When Hurricane Ida knocked out the eight transmission lines carrying electricity into New Orleans in September, many people spent days in the dark.
Brenda Lomax-Brown, president of the city’s Hollygrove-Dixon Neighborhood Association, said median incomes of around $30,000 made it difficult for many in the area to evacuate or afford generators. Challenges included spoiled food, the inability to refrigerate medicine, and the difficulty for the elderly to find a place to stay cool. Cell phones died and cut off communications.
“People were desperate,” said Ms. Lomax-Brown. “Without your phone you can’t communicate with your loved ones who may be out of town, or with your neighbors to let them know how their house fared.”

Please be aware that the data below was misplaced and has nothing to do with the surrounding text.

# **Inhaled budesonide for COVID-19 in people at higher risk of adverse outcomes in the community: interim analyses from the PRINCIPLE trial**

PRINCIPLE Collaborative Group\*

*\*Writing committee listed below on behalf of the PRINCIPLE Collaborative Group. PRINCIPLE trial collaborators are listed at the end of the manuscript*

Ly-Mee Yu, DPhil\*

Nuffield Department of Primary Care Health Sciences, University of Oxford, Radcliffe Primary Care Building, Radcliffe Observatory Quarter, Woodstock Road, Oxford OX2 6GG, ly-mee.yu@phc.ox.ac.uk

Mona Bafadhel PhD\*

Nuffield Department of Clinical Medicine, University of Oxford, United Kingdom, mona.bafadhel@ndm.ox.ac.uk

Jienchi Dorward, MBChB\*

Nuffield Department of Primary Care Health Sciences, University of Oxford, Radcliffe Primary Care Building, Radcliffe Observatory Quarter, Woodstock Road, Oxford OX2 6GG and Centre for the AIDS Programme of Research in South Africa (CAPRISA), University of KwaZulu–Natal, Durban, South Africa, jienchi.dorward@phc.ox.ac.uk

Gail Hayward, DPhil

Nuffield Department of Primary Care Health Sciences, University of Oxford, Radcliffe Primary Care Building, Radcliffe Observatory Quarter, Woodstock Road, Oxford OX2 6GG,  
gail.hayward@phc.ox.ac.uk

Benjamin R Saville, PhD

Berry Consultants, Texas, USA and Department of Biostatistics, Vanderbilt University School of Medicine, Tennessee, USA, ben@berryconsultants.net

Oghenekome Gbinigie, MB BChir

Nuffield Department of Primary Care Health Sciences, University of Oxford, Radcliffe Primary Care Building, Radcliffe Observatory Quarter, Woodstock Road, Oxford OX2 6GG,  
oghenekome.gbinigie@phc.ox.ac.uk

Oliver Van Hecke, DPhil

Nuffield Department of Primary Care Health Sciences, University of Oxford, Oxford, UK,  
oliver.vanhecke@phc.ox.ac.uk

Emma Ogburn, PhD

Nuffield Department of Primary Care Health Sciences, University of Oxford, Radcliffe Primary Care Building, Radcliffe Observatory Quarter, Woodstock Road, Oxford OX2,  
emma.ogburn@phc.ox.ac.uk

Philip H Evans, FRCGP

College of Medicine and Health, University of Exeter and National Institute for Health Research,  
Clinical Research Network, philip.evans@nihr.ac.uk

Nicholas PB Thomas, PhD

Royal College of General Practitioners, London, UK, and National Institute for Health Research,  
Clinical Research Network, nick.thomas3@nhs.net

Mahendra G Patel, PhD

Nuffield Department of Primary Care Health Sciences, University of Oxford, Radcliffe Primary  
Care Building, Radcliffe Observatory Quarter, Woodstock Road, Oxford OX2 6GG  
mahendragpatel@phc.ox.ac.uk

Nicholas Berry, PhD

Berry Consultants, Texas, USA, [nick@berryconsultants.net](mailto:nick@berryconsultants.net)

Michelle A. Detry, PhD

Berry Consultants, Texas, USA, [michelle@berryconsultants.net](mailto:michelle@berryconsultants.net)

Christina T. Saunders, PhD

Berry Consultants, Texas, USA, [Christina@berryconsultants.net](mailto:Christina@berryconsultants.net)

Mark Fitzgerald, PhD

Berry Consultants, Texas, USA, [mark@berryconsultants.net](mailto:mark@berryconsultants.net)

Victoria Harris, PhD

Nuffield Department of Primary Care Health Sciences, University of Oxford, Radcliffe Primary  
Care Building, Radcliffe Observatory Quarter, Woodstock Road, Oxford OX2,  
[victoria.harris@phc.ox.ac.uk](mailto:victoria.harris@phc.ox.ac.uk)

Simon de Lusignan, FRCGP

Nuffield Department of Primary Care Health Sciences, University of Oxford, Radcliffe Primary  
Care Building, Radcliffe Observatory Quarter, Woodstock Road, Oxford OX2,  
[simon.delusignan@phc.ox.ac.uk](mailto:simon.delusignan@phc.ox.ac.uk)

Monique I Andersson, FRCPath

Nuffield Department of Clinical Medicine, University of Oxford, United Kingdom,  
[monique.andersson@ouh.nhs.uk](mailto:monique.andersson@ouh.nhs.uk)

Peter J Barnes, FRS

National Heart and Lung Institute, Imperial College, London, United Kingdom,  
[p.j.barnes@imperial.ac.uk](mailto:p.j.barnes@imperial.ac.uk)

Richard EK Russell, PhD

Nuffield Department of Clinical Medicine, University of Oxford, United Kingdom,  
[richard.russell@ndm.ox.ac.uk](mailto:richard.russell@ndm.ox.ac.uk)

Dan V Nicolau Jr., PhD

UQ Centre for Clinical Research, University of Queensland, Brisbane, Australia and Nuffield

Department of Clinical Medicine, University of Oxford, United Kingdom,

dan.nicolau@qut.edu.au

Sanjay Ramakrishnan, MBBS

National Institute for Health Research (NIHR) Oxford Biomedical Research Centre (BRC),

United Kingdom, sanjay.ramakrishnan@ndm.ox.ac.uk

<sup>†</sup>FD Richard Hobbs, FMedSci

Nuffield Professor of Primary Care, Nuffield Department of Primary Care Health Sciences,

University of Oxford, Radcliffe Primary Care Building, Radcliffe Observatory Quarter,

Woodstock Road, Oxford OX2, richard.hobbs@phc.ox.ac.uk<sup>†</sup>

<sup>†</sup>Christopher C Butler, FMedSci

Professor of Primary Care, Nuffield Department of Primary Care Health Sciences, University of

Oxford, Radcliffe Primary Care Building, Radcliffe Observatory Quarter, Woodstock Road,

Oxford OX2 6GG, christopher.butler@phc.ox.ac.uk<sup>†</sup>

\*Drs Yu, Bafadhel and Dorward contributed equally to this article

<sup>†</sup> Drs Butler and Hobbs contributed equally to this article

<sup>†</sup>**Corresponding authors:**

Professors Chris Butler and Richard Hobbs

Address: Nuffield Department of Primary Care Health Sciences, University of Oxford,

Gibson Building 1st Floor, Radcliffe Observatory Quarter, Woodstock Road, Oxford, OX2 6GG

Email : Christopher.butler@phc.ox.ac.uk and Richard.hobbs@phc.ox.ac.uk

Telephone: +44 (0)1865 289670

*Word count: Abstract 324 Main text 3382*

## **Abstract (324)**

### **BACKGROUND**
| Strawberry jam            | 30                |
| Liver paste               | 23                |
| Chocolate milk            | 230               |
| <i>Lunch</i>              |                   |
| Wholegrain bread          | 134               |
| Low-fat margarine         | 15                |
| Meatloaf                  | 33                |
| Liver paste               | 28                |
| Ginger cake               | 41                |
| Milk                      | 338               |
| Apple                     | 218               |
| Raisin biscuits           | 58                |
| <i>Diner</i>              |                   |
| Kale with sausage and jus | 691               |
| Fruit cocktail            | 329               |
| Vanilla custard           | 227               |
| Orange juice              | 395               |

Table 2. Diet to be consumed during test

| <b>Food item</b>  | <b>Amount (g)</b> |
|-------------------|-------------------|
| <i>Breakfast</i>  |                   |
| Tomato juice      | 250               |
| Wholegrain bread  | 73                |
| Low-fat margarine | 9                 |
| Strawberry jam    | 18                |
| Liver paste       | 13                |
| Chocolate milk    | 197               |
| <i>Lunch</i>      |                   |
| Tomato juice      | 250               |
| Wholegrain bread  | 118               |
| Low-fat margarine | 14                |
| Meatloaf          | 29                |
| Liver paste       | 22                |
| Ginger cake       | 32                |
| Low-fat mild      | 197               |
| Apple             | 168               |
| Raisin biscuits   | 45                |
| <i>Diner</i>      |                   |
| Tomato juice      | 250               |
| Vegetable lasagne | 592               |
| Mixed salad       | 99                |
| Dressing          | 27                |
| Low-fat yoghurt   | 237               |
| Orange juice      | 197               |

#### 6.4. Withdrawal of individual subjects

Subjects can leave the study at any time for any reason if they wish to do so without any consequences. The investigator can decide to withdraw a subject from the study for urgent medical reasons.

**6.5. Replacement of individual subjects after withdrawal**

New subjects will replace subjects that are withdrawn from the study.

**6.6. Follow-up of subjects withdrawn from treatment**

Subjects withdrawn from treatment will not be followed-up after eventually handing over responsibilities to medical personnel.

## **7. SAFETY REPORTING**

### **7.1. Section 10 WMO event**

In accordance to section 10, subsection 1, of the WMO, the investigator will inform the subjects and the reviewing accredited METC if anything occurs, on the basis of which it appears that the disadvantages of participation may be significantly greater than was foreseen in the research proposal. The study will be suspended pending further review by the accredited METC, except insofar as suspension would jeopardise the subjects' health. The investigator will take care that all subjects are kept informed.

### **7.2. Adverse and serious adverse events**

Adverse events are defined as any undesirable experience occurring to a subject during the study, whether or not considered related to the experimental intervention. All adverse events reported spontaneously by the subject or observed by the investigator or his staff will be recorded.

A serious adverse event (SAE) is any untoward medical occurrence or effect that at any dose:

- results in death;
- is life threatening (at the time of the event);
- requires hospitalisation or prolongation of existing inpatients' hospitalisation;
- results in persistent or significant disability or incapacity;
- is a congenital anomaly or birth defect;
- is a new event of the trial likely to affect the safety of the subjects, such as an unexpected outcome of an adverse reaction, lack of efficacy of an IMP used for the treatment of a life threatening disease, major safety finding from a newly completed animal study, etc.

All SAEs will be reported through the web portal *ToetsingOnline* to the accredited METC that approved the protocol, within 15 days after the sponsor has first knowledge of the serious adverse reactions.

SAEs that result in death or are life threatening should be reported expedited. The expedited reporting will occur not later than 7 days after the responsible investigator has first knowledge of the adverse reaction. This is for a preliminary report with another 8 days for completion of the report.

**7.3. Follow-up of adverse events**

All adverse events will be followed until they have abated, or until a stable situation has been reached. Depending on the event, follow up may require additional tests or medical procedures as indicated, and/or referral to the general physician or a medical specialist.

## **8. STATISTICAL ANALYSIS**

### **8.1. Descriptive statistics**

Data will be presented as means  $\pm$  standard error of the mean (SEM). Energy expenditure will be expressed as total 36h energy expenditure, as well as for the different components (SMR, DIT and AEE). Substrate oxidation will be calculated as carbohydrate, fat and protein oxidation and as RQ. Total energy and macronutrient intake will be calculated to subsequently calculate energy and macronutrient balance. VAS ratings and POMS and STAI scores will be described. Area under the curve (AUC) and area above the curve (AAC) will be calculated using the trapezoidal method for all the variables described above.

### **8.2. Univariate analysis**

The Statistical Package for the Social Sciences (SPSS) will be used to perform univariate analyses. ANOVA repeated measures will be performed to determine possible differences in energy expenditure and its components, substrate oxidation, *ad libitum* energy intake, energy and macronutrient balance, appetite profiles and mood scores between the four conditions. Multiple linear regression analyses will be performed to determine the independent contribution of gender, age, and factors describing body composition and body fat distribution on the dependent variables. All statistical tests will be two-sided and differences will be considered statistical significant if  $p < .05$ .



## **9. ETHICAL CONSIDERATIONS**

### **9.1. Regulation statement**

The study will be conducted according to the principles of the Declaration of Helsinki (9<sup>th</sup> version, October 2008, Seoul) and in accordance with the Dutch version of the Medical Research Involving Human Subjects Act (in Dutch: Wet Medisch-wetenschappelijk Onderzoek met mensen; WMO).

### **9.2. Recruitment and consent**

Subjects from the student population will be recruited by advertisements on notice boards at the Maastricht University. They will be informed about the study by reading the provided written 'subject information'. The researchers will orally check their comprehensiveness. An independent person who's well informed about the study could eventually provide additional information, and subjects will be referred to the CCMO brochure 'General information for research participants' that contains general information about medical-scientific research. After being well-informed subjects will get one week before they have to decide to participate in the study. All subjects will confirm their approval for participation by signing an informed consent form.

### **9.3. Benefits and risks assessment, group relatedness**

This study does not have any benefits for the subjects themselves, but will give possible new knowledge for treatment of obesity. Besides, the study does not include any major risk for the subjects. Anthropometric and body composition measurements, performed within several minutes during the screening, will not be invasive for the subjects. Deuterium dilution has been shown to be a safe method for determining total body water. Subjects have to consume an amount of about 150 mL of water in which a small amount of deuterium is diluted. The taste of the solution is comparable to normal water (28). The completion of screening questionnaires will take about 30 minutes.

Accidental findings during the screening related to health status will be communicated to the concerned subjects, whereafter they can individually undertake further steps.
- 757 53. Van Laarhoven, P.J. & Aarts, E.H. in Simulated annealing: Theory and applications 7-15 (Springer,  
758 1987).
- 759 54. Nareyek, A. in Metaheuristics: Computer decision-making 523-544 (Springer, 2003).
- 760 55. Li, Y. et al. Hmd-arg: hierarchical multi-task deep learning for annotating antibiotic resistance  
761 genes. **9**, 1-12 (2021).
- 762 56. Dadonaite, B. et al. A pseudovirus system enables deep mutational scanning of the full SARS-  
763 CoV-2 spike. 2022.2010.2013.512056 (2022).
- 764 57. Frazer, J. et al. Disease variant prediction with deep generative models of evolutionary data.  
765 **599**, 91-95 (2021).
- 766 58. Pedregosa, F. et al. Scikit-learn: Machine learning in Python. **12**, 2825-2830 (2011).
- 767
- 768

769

New Orleans nonprofits are now stepping in to try to provide emergency power. Together New Orleans, a coalition of religious and civic groups, is raising money to add rooftop solar with batteries to 85 congregations and community centers. Their goal is for everyone in New Orleans to be a mile or less away from what they are calling “community lighthouses,” said Gregory Manning, pastor at Broadmoor Community Church.
“You get the ordinary benefits of solar, but if and when the grid goes out, you’ve got a real network that can respond,” said Together New Orleans organizer Broderick Bagert.
[Photo: Pastor Gregory Manning Broadmoor Community Church, New Orleans, LA. Credit Kathleen Flynn, Wall Street Journal]
Wary of Being Left in the Dark, Americans Produce Their Own Power, Wall Street Journal, Jennifer Hiller [pdf]